Justice Clarence Thomas expressed his opposition to the doctrine, in his concurring opinion in the Dobbs abortion case he overturned Roe vs. Wade. He wrote last June that the Supreme Court “should reconsider all of this Court’s substantive due process precedents,” including Obergefell.

Opponents of the same-sex civil marriage bill in Congress say the court is unlikely to reexamine the Obergefell decision, since there are currently no legal challenges to it.

Catholic teaching on marriage

The Catholic Church teaches that God created marriage as a lifelong covenant between a man and a woman to unite them as one and have children.

In 2003, the Vatican’s Congregation for the Doctrine of the Faith stated: “There is absolutely no basis for considering homosexual unions to be in any way similar or remotely analogous to God’s plan for marriage and the family. Marriage is holy, while homosexual acts go against the natural moral law.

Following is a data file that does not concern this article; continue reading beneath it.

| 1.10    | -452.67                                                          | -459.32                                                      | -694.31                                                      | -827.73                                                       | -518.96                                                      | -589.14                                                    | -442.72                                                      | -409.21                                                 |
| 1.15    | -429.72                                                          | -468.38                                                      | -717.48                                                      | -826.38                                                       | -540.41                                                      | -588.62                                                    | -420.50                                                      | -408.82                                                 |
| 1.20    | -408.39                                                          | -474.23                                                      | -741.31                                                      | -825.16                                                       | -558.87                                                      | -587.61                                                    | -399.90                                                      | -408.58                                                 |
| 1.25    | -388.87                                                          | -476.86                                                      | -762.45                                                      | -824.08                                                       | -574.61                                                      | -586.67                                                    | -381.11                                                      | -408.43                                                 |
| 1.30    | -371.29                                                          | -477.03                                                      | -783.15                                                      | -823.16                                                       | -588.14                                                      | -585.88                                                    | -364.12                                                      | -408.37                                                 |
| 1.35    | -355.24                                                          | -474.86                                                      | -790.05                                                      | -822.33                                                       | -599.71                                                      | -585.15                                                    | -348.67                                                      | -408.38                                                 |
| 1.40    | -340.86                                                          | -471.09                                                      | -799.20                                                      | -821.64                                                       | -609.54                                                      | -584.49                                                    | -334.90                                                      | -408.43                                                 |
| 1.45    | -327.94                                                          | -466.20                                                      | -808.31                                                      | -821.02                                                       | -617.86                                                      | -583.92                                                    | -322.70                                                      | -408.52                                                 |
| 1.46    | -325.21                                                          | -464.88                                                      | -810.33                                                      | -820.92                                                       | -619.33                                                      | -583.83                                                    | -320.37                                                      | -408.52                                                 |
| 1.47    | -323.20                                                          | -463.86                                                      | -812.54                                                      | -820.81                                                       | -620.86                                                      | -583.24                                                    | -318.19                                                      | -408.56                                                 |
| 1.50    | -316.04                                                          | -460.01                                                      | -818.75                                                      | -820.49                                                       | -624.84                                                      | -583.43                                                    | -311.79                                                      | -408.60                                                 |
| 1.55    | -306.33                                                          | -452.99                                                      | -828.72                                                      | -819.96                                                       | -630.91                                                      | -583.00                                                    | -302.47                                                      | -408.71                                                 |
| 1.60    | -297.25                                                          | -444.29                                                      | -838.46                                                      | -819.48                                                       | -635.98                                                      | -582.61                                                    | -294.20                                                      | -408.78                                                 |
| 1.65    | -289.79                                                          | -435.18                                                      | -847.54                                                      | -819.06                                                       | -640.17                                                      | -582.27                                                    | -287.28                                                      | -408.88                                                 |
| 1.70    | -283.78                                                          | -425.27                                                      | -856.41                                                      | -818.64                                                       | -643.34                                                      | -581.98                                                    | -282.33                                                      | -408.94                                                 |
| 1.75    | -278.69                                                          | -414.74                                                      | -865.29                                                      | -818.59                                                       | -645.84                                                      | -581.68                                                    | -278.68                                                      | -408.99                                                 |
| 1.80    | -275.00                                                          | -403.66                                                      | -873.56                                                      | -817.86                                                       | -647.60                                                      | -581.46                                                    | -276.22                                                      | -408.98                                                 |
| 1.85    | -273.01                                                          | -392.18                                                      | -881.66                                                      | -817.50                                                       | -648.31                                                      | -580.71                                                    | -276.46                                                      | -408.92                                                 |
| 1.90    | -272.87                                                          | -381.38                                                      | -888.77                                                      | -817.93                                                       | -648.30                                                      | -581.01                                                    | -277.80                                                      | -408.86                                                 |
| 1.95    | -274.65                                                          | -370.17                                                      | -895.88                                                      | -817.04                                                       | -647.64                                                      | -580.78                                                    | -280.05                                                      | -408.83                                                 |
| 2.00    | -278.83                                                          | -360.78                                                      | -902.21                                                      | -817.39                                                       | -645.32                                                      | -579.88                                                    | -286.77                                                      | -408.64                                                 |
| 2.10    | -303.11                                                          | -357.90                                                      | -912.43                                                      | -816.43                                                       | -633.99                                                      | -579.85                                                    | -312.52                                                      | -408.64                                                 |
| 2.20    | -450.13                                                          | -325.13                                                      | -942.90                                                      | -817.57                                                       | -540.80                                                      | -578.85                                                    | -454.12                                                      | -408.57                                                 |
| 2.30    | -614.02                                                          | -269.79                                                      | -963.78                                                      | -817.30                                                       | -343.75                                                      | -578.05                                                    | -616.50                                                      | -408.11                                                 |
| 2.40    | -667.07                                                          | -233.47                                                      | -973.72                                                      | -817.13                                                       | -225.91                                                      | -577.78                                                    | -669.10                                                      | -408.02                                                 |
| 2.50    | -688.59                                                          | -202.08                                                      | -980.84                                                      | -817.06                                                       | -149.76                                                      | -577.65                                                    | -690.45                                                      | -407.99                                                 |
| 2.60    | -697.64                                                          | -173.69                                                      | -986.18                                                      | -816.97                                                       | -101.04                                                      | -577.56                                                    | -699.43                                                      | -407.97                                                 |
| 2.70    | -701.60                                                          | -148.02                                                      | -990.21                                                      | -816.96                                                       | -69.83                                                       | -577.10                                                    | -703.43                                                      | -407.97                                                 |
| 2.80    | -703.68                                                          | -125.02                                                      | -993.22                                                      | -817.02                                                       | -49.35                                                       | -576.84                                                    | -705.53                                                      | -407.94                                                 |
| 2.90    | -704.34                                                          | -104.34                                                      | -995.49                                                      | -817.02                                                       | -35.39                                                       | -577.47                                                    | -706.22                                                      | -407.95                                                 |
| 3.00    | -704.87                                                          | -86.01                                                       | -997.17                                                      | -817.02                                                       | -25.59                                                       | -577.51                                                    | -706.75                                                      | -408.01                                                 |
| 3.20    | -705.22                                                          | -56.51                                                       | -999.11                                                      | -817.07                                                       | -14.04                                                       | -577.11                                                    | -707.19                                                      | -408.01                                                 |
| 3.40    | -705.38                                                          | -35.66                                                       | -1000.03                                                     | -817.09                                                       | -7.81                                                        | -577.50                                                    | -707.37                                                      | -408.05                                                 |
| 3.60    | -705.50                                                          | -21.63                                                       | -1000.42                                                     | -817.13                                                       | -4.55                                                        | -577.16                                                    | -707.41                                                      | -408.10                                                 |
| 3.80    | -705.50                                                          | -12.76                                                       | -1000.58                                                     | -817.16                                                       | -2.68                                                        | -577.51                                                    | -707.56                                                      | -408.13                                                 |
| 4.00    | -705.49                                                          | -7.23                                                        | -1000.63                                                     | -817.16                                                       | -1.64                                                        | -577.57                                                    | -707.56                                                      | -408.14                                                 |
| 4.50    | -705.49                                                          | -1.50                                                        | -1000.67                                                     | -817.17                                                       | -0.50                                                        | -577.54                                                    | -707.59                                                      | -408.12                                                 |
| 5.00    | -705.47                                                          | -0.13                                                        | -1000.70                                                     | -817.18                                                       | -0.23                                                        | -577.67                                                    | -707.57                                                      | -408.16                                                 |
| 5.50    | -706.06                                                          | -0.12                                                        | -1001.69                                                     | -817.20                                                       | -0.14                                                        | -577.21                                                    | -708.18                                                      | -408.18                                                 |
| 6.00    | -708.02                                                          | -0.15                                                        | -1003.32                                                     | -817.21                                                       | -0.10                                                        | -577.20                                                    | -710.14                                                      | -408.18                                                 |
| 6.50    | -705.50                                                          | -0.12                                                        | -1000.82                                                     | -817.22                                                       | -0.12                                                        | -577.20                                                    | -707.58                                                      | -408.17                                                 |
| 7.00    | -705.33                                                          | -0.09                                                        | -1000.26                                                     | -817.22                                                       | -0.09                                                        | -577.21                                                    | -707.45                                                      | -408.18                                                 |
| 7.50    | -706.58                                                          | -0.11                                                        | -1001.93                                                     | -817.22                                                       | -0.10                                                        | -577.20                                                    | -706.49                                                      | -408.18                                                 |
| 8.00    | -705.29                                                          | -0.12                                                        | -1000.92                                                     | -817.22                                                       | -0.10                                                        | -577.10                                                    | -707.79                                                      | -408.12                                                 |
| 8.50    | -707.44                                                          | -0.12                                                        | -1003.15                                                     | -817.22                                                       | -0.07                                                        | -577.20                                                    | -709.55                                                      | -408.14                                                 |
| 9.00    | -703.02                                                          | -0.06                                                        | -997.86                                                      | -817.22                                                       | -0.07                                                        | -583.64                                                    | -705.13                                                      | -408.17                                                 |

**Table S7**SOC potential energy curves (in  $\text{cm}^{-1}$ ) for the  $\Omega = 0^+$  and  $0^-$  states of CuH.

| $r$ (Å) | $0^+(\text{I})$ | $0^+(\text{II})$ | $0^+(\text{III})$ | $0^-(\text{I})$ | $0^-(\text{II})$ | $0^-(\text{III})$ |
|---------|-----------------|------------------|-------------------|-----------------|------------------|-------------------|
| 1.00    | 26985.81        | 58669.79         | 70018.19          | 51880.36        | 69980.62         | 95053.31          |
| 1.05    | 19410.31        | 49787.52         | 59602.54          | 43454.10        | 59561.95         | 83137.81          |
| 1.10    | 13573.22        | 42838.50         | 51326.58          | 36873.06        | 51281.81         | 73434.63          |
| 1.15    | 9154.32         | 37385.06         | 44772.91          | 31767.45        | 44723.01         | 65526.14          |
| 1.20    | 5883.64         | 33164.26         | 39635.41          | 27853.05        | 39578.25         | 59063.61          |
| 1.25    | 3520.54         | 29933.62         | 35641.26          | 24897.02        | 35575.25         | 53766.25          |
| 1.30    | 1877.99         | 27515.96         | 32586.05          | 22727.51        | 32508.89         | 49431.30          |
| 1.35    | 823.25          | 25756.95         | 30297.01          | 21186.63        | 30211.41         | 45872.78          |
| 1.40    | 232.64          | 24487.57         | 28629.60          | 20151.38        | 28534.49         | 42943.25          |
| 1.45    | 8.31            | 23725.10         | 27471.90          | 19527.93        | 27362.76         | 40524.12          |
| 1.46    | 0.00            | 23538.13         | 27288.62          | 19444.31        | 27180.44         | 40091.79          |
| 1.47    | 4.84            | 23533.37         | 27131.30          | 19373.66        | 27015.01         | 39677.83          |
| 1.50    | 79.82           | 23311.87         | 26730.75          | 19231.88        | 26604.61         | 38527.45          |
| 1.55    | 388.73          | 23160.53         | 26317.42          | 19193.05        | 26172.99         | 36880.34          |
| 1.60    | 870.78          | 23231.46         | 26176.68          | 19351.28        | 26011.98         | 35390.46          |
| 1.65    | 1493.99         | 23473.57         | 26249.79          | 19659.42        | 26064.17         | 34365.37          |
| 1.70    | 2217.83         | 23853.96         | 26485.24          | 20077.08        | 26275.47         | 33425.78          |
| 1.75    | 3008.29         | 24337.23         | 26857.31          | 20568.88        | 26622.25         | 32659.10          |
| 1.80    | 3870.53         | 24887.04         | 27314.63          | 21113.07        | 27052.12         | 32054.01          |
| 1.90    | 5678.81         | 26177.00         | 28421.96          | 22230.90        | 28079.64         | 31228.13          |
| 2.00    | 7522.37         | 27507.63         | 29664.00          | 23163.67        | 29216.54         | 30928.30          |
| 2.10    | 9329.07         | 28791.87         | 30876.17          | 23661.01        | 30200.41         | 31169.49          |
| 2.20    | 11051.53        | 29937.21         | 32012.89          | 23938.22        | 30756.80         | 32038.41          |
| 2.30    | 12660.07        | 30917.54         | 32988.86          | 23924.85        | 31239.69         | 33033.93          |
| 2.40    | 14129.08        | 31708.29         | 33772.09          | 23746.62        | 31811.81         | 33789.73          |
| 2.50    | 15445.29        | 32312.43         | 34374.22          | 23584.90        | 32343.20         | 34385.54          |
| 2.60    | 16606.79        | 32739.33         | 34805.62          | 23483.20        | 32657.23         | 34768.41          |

The same congregation cited that statement with approval in March 2021, in a document stating that the Church cannot bless same-sex unions.

The Vatican has also not upheld the Church’s teaching on marriage as a matter exclusively for Catholics.

In 2016, Pope Francis stated in his Apostolic Exhortation Amoris Laetitia (The Joy of Love) that “same-sex unions… cannot simply be equated with marriage.”

In February 2015, Pope Francis praised the “efforts” of the Catholic Church in Slovakia “in defense of the family,” three days before a national referendum that asked voters whether marriage is only between a man and a woman. .

religious liberty amendment

Supporters of the same-sex civil marriage bill in Congress say the religious liberty amendment added to it last week should allay concerns about religious liberty, but the Catholic Church in the U.S. she is cautious.